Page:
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Monday, 25 November 2013

Osteoarthritis (OA) - Diseases associated with osteoarthritis

Osteoarthritis (OA), a form of arthritis, is defined as a condition of
as a result of aging causes of wear and tear on a joint, affecting over 25 million people in the United States in alone.
Diseases associated with osteoarthritis
Researchers suggested that OA is not simply a disease related to aging or mechanical stress of joints but rather a “metabolic disorder” in which various interrelated lipid, metabolic, and humoral mediators contribute to the initiation and progression of the disease process. Indeed, OA has been linked not only to obesity but also to other cardiovascular risk factors, namely, diabetes, dyslipidemia, hypertension, and insulin resistance(19a).
Most people who suffer from osteoarthritis also suffer from one or more below comorbidities(19b)
1.  Hypertension
In the study of The economic burden associated with osteoarthritis, rheumatoid arthritis, and hypertension: a comparative study, Dr.Maetzel A, and scientists at the University Health Network Research Institute indicated thatThe economic burden incurred by RA significantly exceeds that related to OA and HBP, while differences between patients with a diagnosis of OA without HBP or a diagnosis of HBP alone were non-significant, largely owing to the influence of comorbidities(19).
2. Cardiovascular disease
Researchers at the Erasmus University Medical Centre, in the study of Association of atherosclerosis with presence and progression of osteoarthritis: the Rotterdam Study, suggested that there is an associations of atherosclerosis with osteoarthritis of the knee and hand joints in women. The evidence was most solid for a relation with distal interphalangeal (DIP) osteoarthritis(20).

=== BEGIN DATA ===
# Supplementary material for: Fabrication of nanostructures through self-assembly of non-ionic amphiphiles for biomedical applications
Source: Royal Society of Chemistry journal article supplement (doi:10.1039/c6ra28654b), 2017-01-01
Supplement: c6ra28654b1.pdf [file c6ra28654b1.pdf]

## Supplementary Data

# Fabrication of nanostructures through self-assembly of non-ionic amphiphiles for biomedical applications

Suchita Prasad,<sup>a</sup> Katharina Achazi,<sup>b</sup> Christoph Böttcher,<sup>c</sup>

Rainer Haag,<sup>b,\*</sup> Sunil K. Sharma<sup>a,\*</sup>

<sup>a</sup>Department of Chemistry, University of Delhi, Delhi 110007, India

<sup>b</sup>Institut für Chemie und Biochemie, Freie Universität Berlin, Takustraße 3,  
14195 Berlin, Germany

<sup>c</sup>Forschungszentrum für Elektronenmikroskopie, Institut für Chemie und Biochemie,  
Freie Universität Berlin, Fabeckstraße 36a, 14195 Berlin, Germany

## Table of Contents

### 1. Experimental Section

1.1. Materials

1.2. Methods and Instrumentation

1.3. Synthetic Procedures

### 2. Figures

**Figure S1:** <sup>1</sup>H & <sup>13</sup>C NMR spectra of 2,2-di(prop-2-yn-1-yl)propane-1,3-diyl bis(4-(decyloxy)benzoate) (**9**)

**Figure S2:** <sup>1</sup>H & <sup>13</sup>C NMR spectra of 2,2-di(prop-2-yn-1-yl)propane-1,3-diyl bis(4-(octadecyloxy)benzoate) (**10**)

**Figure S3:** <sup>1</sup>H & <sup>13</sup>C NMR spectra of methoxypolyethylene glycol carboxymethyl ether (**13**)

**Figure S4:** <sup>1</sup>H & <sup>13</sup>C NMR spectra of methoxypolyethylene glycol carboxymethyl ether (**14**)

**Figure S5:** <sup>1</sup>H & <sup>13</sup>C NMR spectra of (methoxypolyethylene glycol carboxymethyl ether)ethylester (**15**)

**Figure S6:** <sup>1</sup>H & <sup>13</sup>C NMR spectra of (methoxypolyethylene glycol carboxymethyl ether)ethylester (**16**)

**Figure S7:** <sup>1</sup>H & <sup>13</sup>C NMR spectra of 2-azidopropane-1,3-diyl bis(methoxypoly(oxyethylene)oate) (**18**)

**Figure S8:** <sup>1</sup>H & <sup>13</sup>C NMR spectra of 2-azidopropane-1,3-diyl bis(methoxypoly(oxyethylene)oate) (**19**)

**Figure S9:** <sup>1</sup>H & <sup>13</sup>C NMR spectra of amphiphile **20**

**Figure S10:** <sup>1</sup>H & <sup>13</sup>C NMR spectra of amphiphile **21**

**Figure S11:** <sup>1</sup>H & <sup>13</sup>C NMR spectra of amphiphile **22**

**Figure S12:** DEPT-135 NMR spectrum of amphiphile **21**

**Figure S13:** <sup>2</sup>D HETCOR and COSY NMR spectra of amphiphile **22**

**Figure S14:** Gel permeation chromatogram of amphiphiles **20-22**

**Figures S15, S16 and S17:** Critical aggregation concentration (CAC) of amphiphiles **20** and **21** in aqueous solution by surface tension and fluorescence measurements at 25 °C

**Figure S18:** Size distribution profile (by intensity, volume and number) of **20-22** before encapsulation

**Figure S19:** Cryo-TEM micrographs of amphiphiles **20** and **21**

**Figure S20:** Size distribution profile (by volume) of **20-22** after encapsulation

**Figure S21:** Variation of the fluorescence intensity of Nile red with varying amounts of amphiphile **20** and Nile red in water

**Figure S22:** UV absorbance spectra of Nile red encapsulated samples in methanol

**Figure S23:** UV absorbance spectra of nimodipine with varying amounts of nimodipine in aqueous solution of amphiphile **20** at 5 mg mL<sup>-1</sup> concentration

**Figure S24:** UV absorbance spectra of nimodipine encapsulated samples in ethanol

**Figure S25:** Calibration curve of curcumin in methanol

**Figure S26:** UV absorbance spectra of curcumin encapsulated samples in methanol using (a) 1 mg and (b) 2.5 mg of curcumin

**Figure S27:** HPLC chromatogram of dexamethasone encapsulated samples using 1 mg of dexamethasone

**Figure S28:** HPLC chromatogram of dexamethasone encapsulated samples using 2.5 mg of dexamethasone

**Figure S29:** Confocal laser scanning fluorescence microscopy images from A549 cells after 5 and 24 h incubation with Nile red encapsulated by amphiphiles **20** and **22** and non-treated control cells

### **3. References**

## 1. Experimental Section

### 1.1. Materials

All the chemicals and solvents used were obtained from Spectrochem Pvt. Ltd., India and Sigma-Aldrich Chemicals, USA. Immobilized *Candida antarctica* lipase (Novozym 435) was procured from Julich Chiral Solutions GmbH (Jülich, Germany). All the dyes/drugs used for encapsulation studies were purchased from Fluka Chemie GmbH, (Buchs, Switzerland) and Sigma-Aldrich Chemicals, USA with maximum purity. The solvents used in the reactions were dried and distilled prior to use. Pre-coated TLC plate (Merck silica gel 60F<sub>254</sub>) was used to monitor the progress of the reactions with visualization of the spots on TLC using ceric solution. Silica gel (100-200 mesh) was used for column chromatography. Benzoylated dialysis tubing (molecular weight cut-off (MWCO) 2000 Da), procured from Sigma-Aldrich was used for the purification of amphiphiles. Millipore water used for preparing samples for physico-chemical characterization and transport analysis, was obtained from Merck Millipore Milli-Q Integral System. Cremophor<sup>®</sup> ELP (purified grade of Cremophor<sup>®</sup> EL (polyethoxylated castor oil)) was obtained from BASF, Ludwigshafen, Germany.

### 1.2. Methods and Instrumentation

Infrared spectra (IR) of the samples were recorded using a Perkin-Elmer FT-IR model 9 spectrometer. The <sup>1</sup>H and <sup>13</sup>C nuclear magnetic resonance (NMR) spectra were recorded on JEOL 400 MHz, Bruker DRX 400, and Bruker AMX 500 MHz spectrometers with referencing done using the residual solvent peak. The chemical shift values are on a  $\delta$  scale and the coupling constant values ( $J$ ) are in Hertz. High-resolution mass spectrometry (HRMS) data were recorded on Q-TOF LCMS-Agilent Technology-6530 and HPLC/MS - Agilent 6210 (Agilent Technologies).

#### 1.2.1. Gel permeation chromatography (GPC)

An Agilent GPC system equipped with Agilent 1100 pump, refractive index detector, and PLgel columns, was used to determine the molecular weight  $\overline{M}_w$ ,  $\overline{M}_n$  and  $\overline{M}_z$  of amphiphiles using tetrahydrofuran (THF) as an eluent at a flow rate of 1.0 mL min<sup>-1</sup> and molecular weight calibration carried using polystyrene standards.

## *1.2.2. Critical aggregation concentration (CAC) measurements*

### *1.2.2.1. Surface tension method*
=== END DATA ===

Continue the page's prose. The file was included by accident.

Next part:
3. Peripheral vascular disease, 
The average vessel wall thickness of the popliteal artery was 1.09 mm in patients with generalized OA, and 0.96 mm in the matched normal reference population(21).
4. Congestive heart failure
History of CHF was highly associated with risk for CHF hospitalization. Hypertension, diabetes, and older age also increased risk modestly. There appeared to be a dose-related increase in CHF with etoricoxib compared with diclofenac, which reached statistical significance when the etoricoxib 90 mg groups (osteoarthritis and rheumatoid arthritis) were pooled(22).
5. Renal function impairment 
In the study to investigate the urinary excretion of the collagen crosslinking compounds pyridinoline and deoxypyridinoline in patients with morphologically different subgroups of OA and RA, found that there was no significant difference in pyridinoline or deoxypyridinoline excretion when patients with four grades of severity of OA were compared, although the median excretion of pyridinoline and deoxypyridinoline for the OA group as a whole was raised above values found in a healthy control population(23).
6. Diabetes 
Several epidemiological and experimental data support the hypothesis that diabetes could be an independent risk factor for osteoarthritis (OA), at least in some patients, leading to the concept of a diabetes-induced OA phenotype. If confirmed, this new paradigm will have a dramatic impact on prevention of OA initiation and progression(24)
7. Respiratory disease
People with Respiratory disease is also at a higher risk to develop osteoarthritis (OA). There are report that a 62-year-old woman was admitted because of chronic cough and bilateral infiltrates on chest roentgenogram. Additional history revealed that the patient had been taken diclofenac emulgel during the previous 10 years for arthrosis(25).
8. Etc.

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Sources
(19a) http://www.ncbi.nlm.nih.gov/pubmed/20367223
(19b) http://rheumatology.oxfordjournals.org/content/43/suppl_1/i4.full.pdf 
(20) http://www.ncbi.nlm.nih.gov/pubmed/22563029
(21) http://www.ncbi.nlm.nih.gov/pubmed/19575196
(22) http://www.ncbi.nlm.nih.gov/pubmed/19380329
(23) http://www.ncbi.nlm.nih.gov/pubmed/8162449
(24) http://www.ncbi.nlm.nih.gov/pubmed/21474484
(25) http://www.ncbi.nlm.nih.gov/pubmed/14671818